“Production of waste is a fundamental design flaw for an engineered process; yes the mining industry is in fact in the business of producing tailings… minerals are just the by-product”
The multitude of connections needed to build trust systems were considered across a variety of perspectives.
Quinton N. Newcomb spotlighted accountability and transparency as essential foundations of trust in the relationships we form and the system in which they take place. Taking from his experience as a lawyer and judge, he stressed the importance of understanding fully the interests and expectations of various parties to achieve this trust.
Andrew Whitmore presented the conclusions of a soon to be released report commissioned by Friends of the Earth Scotland on Transition Mineral Supply Chains in the Context of Scottish Legislation, to raise awareness of transition minerals and their environmental and social impacts and make recommendations to the Scottish Government for a strategy based on demand reduction, stressing the need for each of us to hold ourselves accountable for our choices and their impact. This was echoed by Paul Ekins in his discussion of an upcoming report on financing of critical raw material value chains, in a context where countries with legally mandated decarbonation targets require minerals to achieve them and geopolitical tensions permeate trade in these very minerals. Rather than repeat a model of exploitative and extractivist imperialism, opening a new phase of conflict and deeply unfair exchange, he advocates for the recognition of mutual interest in secure supply and sustainable development of producing countries promoting human and environmental rights.
“The International Resource Panel’s report on Mineral Resource Governance made it clear there is not a lot of this commodity about: mining companies, communities, governments don’t trust each other; each is looking to get the best out of the relationship and convinced that other parties are faring better; three-way mistrust and mutual suspicion lead to “unequal exchange” and ultimately to conflict”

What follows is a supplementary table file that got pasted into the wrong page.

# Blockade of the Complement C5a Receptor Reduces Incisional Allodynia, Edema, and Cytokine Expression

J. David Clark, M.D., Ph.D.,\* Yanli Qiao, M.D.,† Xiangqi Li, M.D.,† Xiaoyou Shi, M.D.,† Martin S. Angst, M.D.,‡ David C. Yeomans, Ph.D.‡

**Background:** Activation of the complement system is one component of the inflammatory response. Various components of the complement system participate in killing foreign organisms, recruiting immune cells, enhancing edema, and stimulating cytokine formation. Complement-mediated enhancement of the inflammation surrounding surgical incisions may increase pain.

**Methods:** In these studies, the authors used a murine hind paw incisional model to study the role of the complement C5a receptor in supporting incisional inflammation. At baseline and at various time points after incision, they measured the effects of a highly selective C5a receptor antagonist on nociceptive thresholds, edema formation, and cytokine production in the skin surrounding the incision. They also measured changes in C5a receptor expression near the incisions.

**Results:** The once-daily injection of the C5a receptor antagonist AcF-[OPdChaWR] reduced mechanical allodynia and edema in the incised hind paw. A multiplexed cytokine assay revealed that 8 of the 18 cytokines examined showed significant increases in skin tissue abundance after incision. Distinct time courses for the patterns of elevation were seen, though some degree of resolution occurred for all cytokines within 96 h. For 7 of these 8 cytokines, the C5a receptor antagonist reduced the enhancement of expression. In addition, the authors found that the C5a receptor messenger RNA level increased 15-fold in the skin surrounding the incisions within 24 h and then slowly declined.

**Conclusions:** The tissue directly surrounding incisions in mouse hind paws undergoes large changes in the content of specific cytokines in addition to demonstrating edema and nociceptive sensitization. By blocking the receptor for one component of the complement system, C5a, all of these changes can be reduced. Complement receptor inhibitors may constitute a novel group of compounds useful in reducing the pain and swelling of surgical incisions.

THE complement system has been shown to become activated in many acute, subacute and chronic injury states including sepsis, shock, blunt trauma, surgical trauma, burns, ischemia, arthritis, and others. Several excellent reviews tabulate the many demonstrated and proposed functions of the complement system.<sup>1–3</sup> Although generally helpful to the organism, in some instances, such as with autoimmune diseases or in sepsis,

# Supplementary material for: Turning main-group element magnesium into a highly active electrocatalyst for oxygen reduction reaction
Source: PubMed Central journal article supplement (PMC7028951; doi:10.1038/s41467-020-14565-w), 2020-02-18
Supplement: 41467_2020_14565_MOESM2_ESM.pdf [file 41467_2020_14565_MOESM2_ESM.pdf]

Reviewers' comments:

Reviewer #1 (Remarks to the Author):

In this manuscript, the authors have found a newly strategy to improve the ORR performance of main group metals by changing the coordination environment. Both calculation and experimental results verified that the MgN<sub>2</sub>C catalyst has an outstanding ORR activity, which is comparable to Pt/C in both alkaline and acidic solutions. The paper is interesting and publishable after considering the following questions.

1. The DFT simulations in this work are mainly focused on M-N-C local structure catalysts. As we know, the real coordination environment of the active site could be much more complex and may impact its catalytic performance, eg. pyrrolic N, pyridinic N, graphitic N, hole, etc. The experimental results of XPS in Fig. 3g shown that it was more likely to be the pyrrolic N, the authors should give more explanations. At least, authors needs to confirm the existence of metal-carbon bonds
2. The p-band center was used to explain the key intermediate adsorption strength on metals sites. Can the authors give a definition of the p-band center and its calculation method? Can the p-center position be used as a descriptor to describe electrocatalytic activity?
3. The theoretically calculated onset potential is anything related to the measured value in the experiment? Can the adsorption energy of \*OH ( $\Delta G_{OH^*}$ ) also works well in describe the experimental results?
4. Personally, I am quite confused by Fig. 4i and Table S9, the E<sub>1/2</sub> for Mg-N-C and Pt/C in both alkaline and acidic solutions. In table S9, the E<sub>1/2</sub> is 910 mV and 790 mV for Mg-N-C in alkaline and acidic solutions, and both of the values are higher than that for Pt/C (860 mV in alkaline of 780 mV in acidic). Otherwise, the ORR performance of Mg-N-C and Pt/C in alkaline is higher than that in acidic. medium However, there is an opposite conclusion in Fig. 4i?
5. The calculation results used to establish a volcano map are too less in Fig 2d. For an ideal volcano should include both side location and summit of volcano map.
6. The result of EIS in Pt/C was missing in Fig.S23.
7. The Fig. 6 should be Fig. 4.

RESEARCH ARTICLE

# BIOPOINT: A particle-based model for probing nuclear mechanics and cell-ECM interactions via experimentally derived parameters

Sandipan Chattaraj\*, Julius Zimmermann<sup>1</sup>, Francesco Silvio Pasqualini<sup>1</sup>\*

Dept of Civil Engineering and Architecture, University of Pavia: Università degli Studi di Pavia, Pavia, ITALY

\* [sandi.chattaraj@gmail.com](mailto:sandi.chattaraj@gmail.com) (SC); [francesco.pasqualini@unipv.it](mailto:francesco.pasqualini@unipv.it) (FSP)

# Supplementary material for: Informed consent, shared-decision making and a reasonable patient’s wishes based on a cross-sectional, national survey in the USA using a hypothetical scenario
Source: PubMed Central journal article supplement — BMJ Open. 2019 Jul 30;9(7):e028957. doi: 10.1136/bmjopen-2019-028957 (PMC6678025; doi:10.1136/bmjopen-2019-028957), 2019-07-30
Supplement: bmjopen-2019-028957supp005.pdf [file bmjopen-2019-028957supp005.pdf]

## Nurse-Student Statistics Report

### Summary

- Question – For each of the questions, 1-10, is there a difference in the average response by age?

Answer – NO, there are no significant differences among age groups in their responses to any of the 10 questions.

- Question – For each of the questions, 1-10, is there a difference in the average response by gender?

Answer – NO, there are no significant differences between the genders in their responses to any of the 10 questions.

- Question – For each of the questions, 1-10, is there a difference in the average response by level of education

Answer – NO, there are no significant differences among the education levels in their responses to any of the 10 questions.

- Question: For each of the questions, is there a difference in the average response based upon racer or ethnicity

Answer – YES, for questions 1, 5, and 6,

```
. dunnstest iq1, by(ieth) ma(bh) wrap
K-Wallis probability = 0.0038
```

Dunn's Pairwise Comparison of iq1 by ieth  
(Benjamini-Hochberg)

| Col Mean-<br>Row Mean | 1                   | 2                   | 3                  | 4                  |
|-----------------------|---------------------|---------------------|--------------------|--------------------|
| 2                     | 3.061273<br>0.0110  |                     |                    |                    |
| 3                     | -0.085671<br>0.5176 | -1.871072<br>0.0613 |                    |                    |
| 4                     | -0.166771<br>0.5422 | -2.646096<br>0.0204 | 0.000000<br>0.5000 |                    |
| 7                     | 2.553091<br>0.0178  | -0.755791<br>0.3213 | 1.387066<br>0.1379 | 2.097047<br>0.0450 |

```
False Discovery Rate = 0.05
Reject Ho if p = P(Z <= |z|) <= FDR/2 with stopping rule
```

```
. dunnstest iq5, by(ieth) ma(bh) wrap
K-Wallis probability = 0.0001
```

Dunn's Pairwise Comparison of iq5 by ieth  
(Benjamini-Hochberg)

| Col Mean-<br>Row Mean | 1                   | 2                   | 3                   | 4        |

Elyvin Nkhonjera demonstrated the potential to achieve this in Malawi’s Artisanal And Small Scale Mining Sector by building trust in legal commercialisation options. Building consensus from the start through a multi-stakeholder approach was key to overcome the familiarity of ASM workers with illegal traders; misinformation attempts and pricing competition therefore resulted in demonstrating the true value of ASM minerals and ultimately justified legalisation in the eyes of public opinion.
On a global scale, the opportunity of more transparent, efficient and sustainable battery value chains was discussed by Olivia McFarlane. Acknowledging that the batteries we make, use and rely on today cannot and will not be the batteries that will get us across the line of achieving net zero goals and sustainable success in the long term, she stressed that consumers should be able to trust policy makers to make well informed and sustainable decisions, which requires more transparent supply chains. Working from the experience of diamonds, 康灵安Leanne Kemp explored the role of trust in material value chains and how to overcome challenges such as lack of transparency, inadequate due diligence and weak governance structures, spotlighting best practices and tools available to enhance transparency and accountability in the context of paradigm-shifting battery policy initiatives.
Insights from Day 2, session 1, by Ludivine Wouters for Responsible Raw Materials: